Jack is the eldest of my children. All three were born in the same timeless fog of sleep deprived, milk encrusted chaos (17 months between him and the next one, four academic years between them all), so the poor boy was expected to do all the classic, big brother stuff – push the baby on the swing, feed the toddler, help mammy with the washing etc., while he was really just a baby himself. As the eldest, he was also the one who we practised our parenting skills on and the one who bore the brunt of our ineptitude, but also one who got away with the most. By the time the younger ones were trying it on, us greenhorn parents had been weathered into shrewd, cynical, eagle eyed bastards.
My favourite example of this is what happened the day Jack and his baby brother were playing with the fire engines. The boys had two toy fire engines, a red metal Tonka (British) one and a much bigger, yellow plastic (American) one. I walked into the room one day to see Jack swing the yellow fire engine around his head and land a resounding thwack on the baby. I snatched the little one up, who admittedly seemed more surprised than hurt, and hissed “Why on earth did you hit him with the yellow fire engine?”. Jack looked at me as if the answer was perfectly obvious and very reasonably told me “Because I couldn’t find the red one”. I knew it was wrong of me and I should be castigating him for his violent behaviour, but all I could do was roar with laughter.
One of the things Jack and Tom used to particularly enjoy when they were toddlers was going to the playground at Llyn Llech Owain country park. There was a good playground with a huge circular climbing frame, the centre of which had a net which kids could climb up or fall down into. It slightly resembled a web, so my two insectophile boys loved to pretend to be spiders in this web. I’m not sure that they ever caught, wrapped in silk and then ate any smaller children, but it’s the thought that counts.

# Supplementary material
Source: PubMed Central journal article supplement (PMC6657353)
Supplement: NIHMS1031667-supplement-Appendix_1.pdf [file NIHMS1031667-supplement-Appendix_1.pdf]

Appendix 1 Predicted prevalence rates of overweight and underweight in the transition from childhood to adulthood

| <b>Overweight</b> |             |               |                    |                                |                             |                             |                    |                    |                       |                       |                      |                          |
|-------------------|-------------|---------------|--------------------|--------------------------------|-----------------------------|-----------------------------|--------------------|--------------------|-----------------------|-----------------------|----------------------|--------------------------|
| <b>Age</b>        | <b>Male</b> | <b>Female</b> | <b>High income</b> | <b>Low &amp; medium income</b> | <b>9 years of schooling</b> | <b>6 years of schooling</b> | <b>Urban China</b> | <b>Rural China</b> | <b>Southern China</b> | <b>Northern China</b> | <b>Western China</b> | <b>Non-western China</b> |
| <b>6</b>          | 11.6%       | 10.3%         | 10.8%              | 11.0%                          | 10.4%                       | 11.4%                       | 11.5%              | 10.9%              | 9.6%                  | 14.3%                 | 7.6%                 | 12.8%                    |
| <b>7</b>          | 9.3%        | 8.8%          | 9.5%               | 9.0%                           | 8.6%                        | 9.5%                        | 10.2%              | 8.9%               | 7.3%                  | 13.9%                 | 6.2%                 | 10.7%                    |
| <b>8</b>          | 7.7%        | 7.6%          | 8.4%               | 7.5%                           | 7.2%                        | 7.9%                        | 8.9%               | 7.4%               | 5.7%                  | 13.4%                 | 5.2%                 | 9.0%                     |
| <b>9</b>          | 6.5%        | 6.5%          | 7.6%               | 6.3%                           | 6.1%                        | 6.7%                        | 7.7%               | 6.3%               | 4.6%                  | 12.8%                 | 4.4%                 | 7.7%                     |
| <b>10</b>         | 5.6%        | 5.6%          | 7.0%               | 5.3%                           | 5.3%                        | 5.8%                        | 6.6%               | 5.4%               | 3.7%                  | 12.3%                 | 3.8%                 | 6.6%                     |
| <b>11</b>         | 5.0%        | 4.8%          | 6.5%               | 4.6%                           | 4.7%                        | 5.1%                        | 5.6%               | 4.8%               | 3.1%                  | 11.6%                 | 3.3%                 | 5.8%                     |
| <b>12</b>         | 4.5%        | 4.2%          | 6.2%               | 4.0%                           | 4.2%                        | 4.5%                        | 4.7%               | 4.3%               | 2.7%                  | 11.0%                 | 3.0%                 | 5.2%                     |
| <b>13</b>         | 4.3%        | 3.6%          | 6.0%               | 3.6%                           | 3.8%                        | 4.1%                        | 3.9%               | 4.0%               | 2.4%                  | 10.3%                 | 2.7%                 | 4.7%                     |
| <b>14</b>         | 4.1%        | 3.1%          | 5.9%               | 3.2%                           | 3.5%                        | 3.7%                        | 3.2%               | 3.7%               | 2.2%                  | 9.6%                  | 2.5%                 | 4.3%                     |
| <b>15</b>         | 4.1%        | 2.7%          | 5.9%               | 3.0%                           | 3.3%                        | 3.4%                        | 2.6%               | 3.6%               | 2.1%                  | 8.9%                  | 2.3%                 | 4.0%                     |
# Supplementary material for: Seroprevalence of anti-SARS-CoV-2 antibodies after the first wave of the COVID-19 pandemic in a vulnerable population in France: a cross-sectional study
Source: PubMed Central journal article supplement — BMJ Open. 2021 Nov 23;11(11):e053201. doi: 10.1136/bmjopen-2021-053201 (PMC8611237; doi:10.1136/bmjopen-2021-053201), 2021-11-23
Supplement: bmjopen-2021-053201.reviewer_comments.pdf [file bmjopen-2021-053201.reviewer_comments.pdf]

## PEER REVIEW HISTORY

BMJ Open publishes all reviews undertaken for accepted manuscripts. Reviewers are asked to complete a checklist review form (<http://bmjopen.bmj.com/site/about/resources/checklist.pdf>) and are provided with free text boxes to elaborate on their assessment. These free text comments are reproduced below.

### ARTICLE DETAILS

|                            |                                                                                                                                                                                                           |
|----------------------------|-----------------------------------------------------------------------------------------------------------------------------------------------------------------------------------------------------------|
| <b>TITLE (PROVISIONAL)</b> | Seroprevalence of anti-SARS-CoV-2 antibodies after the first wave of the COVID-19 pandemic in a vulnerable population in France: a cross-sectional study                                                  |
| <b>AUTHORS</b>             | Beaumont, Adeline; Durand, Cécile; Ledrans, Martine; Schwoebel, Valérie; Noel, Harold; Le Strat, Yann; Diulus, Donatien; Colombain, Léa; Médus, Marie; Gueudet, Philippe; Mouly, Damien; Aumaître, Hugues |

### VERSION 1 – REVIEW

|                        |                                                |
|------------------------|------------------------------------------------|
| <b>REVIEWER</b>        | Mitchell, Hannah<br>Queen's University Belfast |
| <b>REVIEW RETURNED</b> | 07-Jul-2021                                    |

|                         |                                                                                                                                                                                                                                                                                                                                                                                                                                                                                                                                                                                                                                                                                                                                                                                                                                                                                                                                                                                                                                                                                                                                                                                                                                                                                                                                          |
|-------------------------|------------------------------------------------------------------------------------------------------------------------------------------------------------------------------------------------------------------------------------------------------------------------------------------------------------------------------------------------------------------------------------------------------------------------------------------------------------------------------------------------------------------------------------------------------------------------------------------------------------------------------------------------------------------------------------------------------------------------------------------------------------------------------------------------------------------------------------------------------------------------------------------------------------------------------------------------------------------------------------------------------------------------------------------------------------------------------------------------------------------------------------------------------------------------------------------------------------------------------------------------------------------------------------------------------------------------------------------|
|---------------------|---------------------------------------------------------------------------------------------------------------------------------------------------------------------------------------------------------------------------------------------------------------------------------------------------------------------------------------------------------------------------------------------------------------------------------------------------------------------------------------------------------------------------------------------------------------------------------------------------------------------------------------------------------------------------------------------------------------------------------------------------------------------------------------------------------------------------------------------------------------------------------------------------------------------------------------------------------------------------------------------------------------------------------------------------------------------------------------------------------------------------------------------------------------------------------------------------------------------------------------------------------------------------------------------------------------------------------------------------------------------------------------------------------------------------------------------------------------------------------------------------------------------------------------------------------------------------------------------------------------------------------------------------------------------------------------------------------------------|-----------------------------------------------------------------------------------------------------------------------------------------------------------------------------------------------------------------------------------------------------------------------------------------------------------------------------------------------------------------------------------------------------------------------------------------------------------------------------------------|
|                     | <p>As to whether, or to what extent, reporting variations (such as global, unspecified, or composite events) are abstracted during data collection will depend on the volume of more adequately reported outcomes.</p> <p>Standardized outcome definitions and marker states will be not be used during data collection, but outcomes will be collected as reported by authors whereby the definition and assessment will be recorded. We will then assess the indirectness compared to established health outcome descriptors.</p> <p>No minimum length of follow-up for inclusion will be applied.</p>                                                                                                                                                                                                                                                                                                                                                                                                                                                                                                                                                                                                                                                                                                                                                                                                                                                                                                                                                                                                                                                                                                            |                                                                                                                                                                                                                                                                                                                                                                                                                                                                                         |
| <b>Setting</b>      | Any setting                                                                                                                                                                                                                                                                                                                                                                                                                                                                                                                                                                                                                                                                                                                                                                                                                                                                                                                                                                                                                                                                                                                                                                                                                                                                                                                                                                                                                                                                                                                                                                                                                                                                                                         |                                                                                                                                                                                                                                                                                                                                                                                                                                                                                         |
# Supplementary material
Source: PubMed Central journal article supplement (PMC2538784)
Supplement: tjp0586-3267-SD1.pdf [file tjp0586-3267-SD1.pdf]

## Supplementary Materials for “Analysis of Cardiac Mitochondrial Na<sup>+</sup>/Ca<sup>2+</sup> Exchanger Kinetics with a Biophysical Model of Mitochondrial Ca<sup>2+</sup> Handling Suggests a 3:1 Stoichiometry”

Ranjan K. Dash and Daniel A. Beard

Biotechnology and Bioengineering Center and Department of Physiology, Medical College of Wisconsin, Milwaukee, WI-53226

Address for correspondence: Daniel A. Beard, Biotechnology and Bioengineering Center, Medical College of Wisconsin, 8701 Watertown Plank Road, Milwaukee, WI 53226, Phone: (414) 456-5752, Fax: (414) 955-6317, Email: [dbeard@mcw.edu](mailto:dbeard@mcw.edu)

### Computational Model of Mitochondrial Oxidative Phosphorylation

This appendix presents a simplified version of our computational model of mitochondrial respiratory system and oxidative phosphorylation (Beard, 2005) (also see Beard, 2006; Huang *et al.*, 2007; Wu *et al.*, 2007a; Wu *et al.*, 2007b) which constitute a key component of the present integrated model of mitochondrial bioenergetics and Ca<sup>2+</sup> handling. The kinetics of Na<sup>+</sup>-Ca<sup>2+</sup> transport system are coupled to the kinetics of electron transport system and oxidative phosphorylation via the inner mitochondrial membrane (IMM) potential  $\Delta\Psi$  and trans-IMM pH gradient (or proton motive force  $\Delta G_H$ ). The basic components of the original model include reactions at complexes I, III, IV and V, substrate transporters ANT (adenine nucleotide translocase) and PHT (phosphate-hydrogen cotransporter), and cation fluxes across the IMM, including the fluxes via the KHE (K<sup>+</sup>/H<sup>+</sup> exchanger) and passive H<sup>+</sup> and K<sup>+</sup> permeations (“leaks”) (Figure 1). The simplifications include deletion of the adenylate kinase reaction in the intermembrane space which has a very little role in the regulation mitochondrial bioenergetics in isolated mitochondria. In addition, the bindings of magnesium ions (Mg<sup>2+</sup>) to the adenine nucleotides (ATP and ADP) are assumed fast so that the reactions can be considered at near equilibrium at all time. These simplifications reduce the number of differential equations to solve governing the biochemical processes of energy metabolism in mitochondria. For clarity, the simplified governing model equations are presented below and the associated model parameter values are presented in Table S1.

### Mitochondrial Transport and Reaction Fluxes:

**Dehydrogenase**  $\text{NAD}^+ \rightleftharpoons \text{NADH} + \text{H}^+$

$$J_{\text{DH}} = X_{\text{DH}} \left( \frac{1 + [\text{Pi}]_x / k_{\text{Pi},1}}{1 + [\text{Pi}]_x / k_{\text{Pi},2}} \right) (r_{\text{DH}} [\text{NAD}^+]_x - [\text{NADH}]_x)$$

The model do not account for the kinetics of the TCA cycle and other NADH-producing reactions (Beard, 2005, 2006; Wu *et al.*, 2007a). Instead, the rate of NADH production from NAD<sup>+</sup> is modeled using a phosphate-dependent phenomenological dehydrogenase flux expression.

Llyn Llech Owain also had a huge lake with a restful, picturesque walk, pushchair friendly duck-boards and a nice cafe. We spent a fair bit of time up there in the pre-school days of parental fire-fighting, when every day was a battle to survive until bedtime. So when Jack suggested we lunch there, I was delighted to agree. It’s somewhere we both have positive memories of now that the constant tiredness and bewilderment of early parenthood have softened.
25 March 2015
The Spider Park – Llyn Llech Owain, Carmarthenshire
Food at the Spider Park is a bit hit and miss these days. The cafe is adequate and cheap, but as both our first choices were unavailable, it was fortunate that neither of us was in gourmand mode and that the food was simply fuel which we impatiently shovelled in so that we could get the main event – the park.
There were no children in the playground which was fortunate as it meant we were able to wander around it at leisure. We were disappointed to see that the spider web climbing frame had been replaced with a much safer but more boring piece of play furniture, but Jack was delighted to find that the zip-line was still there. He ran towards it and launched himself into mid-air, but then suddenly realised that as he is considerably taller than he was when he last did this, there was good chance he was going to land in an ignominious heap. I helped by taking a photo.